As for copy-pasting to double track, I wouldn't advise it as it doesn't really create the desired effect, instead playing the same signal twice but slightly out of phase. Best thing to do, bearing in mind you mentioned 'stereo panning' would be to record it 4 times,twice with your sound an twice again with a slightly different tone, and pan one of each tone hard left and the others hard right



Good tips. I use Cubase 5 so I'm sure I would be better off just not compressing until after recording. As for the tracking, I'll experiment more....although from the sounds of it 4x the recording is a little much.
#5
For rhythm guitar recording, simply record twice, pan left and right and it should sound nice enough. Will give a massive sound to the rhythms. Doubling each track (2 left, 2 right) is rather pointless as the two tracks would blend and go abit muddy. Decreasing the gain on the tracks is a smart move
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#6
Quote by MickAlmighty
For rhythm guitar recording, simply record twice, pan left and right and it should sound nice enough. Will give a massive sound to the rhythms. Doubling each track (2 left, 2 right) is rather pointless as the two tracks would blend and go abit muddy. Decreasing the gain on the tracks is a smart move

The idea of recording two on each side is to give it a thicker sound - if you were worried about the tracks getting muddy, you could simply put one on each side panned a bit more centrally.

Anyway, the usual trick is to record two passes of one guitarist, for the left channel and two passes of the other guitarist, for the right channel (or in a one guitar band, one person does all). I've recorded at studios many times, and am doing a degree in sound engineering & production at the moment, this isn't just my own idea of how to record. A competent guitarist (one who is capable of playing the song as well as he/she should be to record it well) is more than capable of recording two takes of the track, in time with each other and the rest of the band.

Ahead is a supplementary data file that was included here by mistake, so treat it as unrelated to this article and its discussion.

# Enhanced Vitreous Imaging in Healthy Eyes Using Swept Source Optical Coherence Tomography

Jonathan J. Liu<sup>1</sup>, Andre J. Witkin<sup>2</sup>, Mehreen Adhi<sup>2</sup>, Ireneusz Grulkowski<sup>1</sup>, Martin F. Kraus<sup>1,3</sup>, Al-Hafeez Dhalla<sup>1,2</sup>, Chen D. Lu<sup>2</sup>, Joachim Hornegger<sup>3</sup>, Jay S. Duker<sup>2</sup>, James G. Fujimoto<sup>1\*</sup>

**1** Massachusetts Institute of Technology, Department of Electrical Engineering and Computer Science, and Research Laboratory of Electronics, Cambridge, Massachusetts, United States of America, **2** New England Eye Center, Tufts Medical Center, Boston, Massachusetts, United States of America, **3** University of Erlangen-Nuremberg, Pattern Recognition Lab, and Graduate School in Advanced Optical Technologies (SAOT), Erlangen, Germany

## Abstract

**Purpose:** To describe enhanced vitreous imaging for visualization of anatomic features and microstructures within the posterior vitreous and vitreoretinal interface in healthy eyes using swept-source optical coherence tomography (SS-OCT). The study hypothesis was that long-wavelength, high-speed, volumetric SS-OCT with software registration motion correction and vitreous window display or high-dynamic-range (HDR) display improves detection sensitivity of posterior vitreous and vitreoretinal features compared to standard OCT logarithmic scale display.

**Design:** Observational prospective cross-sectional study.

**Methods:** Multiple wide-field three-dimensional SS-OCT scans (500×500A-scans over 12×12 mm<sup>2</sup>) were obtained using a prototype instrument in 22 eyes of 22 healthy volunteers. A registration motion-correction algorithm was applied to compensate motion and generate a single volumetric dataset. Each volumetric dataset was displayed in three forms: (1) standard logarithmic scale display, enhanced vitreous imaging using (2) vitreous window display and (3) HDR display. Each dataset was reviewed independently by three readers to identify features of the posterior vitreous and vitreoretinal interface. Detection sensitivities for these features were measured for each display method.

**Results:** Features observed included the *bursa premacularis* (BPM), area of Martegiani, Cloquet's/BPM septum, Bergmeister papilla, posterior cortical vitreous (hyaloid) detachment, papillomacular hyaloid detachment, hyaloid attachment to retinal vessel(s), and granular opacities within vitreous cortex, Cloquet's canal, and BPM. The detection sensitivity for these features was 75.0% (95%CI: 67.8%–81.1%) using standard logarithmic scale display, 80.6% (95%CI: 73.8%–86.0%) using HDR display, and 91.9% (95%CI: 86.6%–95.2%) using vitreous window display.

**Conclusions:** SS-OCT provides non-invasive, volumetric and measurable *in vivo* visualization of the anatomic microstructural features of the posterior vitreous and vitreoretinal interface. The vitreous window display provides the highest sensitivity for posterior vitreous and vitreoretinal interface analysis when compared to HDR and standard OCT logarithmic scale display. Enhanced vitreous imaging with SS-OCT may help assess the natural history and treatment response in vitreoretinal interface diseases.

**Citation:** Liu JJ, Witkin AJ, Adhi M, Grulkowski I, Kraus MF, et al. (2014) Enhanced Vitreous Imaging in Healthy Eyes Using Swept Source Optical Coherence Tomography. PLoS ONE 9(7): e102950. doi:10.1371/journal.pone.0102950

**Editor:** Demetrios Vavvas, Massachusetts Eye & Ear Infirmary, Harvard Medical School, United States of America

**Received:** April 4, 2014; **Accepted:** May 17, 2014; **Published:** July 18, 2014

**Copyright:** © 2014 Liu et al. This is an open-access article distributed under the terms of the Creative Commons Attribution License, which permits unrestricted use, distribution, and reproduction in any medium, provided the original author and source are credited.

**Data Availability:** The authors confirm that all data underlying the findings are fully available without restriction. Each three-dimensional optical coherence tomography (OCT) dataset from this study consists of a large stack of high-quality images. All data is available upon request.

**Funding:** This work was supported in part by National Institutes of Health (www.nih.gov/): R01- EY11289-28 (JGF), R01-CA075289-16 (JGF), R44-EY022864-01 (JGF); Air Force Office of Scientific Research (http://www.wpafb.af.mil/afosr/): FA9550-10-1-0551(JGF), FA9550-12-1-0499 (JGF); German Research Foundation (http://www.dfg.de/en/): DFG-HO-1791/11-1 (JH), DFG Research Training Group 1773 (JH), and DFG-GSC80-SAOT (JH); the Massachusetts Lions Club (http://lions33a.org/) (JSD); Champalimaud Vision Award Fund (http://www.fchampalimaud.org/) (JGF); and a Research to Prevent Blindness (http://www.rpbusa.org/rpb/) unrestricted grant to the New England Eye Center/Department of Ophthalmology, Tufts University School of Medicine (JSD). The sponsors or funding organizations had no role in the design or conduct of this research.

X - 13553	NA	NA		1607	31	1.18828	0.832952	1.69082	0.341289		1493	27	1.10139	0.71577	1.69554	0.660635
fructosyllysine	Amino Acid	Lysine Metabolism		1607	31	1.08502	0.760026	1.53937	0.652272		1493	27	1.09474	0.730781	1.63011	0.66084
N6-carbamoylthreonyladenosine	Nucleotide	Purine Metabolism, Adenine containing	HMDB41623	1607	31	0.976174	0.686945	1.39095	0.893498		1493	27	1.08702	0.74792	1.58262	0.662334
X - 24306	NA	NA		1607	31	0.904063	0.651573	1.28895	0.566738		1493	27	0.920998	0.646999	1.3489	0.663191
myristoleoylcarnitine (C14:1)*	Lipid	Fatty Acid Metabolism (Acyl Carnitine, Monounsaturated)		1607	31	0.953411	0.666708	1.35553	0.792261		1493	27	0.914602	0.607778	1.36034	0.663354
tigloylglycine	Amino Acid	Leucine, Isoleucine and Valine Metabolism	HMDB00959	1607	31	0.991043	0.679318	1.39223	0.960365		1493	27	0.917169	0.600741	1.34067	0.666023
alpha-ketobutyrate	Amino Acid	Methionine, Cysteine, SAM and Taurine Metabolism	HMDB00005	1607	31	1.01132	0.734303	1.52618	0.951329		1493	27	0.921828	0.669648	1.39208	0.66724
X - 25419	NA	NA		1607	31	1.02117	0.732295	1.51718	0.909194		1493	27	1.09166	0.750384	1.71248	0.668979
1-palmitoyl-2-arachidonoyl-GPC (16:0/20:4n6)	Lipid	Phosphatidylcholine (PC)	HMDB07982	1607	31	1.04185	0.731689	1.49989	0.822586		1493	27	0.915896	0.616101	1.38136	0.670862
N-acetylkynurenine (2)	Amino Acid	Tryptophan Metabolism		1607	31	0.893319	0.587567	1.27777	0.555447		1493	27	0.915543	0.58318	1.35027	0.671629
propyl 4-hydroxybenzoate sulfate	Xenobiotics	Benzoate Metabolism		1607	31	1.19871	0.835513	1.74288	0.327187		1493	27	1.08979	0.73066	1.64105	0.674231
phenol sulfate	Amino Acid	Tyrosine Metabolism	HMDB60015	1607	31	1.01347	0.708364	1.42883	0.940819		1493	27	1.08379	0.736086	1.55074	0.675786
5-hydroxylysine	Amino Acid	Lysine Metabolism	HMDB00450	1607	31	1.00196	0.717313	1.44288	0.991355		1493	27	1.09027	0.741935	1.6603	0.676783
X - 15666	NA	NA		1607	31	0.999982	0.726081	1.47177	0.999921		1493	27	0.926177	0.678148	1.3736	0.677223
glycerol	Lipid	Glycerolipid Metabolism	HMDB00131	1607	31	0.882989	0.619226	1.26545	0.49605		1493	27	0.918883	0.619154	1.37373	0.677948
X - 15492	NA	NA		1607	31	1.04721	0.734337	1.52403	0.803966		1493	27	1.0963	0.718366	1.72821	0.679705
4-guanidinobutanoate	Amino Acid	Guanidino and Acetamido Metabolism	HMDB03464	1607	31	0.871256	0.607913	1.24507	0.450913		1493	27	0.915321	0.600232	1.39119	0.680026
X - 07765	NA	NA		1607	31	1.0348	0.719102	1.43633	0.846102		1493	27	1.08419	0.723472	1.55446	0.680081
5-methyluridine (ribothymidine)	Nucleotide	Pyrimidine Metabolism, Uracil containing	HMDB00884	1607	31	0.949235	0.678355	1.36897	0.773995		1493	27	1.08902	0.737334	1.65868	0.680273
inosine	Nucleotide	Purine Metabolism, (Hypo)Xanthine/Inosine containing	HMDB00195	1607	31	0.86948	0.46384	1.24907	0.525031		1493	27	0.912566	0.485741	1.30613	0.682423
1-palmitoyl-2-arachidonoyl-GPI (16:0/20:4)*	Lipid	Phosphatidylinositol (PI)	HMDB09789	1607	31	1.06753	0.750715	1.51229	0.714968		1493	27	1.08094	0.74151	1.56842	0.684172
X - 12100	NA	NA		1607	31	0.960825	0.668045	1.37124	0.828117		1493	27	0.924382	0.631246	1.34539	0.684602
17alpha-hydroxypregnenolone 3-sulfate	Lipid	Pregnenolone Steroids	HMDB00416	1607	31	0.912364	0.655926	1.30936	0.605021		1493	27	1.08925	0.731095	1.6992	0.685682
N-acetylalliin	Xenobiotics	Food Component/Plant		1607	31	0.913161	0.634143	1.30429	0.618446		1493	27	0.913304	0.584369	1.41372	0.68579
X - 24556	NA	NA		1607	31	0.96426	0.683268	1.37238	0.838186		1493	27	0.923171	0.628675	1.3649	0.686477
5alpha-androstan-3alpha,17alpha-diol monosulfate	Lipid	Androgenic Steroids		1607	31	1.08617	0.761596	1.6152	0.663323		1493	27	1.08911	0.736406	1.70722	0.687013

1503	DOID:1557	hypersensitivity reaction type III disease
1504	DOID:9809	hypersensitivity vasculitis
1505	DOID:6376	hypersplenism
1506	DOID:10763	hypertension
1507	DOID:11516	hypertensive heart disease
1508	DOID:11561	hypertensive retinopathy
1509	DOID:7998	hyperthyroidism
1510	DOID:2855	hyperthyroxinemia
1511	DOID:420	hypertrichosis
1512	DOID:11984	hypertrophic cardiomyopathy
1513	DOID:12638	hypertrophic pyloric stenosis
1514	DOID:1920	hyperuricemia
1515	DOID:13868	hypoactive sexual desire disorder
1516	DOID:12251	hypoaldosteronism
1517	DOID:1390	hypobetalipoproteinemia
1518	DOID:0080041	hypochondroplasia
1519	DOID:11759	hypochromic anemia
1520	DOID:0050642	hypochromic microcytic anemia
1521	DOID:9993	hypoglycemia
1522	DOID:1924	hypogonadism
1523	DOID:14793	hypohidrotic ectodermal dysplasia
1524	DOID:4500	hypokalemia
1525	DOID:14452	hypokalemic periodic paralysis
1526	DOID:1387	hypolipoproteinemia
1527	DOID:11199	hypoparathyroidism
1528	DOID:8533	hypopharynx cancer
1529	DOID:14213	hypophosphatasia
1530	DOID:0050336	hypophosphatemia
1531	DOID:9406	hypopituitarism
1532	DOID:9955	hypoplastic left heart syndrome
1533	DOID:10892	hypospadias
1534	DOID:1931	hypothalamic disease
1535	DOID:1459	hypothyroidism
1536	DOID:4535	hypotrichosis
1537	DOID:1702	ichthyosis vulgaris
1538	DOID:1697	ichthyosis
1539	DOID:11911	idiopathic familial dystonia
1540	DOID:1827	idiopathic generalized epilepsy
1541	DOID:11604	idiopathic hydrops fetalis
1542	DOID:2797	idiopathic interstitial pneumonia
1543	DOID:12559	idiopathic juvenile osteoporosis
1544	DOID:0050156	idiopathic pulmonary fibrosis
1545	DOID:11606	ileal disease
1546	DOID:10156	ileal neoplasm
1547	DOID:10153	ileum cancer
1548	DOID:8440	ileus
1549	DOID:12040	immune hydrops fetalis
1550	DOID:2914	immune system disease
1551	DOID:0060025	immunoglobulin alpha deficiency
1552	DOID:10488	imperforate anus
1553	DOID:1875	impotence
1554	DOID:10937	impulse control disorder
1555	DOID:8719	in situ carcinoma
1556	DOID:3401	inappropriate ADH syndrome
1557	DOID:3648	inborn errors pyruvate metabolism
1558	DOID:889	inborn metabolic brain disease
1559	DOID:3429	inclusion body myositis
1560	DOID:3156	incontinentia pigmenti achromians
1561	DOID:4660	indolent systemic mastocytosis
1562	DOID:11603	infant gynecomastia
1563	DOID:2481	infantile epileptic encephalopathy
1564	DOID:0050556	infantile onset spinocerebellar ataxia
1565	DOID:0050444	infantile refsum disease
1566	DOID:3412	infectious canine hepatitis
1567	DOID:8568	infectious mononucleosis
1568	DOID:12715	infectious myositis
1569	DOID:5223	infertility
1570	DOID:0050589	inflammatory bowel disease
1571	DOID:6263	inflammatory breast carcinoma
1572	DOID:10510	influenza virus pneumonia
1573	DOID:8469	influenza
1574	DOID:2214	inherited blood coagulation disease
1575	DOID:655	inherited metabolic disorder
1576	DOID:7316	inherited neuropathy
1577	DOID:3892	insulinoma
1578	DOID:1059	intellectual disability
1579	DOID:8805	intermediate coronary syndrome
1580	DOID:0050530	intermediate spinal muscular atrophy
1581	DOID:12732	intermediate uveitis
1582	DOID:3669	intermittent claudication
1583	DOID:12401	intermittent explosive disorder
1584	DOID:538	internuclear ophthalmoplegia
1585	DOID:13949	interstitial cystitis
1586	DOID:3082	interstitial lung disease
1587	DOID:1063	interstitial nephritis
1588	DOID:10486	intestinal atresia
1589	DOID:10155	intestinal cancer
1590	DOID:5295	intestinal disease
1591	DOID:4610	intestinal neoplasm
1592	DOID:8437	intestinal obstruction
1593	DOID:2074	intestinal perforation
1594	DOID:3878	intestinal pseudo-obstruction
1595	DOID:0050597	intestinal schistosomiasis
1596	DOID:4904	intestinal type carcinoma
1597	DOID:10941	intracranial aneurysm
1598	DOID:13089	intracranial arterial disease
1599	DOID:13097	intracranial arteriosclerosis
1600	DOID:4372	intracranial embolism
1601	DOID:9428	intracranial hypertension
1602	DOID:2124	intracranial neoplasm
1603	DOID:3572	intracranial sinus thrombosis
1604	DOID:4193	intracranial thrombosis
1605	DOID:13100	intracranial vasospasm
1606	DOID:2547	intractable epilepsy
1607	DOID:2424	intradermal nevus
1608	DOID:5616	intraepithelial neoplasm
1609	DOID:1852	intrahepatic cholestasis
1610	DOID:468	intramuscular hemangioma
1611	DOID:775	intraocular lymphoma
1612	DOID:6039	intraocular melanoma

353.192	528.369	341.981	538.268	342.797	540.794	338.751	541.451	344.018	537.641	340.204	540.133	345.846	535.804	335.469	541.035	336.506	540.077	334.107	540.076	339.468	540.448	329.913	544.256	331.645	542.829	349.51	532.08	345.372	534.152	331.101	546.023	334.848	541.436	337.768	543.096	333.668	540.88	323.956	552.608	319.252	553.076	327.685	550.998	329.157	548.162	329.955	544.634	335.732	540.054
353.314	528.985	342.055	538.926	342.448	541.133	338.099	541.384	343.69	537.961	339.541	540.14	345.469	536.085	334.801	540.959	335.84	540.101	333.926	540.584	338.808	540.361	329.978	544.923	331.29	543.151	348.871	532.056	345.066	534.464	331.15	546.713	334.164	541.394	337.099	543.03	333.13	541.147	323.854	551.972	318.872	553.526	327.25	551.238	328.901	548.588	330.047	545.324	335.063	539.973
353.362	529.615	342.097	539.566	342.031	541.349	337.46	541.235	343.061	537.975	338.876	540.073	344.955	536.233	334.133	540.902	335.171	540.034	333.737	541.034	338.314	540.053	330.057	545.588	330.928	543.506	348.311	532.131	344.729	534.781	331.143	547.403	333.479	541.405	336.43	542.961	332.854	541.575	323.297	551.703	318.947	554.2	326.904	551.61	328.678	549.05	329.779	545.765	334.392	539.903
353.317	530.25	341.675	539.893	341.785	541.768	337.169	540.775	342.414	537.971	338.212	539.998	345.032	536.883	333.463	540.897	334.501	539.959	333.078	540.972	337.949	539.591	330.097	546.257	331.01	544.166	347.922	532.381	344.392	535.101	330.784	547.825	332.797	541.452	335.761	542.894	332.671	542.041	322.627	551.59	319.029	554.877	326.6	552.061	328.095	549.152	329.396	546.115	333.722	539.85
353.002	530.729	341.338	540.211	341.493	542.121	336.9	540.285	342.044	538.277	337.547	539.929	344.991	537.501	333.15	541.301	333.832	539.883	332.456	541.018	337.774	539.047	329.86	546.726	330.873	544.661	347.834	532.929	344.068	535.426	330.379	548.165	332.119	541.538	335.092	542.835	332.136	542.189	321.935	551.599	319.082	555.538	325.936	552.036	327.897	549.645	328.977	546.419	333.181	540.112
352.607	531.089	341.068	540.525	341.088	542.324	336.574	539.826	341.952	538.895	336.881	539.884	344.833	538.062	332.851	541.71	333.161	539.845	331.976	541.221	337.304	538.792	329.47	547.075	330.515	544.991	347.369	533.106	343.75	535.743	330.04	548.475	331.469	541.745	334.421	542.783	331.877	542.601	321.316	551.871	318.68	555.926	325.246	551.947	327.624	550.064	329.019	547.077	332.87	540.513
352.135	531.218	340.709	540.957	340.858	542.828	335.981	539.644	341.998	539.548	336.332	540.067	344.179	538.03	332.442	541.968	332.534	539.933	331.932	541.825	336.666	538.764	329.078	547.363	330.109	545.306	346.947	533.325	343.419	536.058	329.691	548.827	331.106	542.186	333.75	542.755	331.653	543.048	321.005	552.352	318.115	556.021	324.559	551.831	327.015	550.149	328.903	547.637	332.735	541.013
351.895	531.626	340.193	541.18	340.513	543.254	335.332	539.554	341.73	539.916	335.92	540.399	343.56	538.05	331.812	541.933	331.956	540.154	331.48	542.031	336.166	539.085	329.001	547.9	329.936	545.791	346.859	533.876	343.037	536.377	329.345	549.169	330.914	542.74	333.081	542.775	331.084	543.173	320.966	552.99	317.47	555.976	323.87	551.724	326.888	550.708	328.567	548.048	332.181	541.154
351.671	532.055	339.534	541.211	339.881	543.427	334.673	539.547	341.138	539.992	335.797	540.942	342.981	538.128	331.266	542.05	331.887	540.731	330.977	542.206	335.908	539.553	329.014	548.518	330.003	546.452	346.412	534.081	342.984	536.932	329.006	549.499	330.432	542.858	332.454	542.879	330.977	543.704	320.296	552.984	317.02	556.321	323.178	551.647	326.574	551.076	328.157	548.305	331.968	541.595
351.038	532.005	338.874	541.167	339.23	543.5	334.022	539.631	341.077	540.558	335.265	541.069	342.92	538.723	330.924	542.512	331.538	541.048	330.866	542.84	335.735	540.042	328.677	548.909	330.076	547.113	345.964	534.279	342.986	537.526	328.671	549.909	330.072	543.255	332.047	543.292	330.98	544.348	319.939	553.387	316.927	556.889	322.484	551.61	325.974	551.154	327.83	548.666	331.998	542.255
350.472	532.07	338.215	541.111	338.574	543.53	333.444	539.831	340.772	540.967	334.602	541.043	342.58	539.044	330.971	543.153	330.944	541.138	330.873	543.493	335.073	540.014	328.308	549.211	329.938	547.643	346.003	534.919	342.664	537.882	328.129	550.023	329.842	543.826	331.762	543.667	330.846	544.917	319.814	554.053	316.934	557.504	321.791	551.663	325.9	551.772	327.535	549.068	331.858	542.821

Edit: Also, I don't understand the reasoning behind someone lowering the gain from their live tone to be honest - you should go on stage with the best sound (an opinion, of course) possible, so if you are throwing extra gain to the live sound than what it needs, either you're not listening to the amp properly on stage or you haven't quite nailed the song enough to be able to play it at a lower gain setting night after night.

I know it was the TS that was doing this, not the person I quoted, but both seemed in agreement lol.
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Last edited by DisarmGoliath at Oct 6, 2010,
#7
Here's a tip that many, many guitarists do not know: Never, ever, EVER scoop your mids when you record guitar. I know it sounds all heavy and stuff when you're just playing on your own, but in a recording, or even a live setting, never scoop your mids. The entire tone of the guitar is in that frequency range, and if you cut it, all you're getting is a bunch of rumble and fizz.
#8
^ Totally ri- Wait a minute...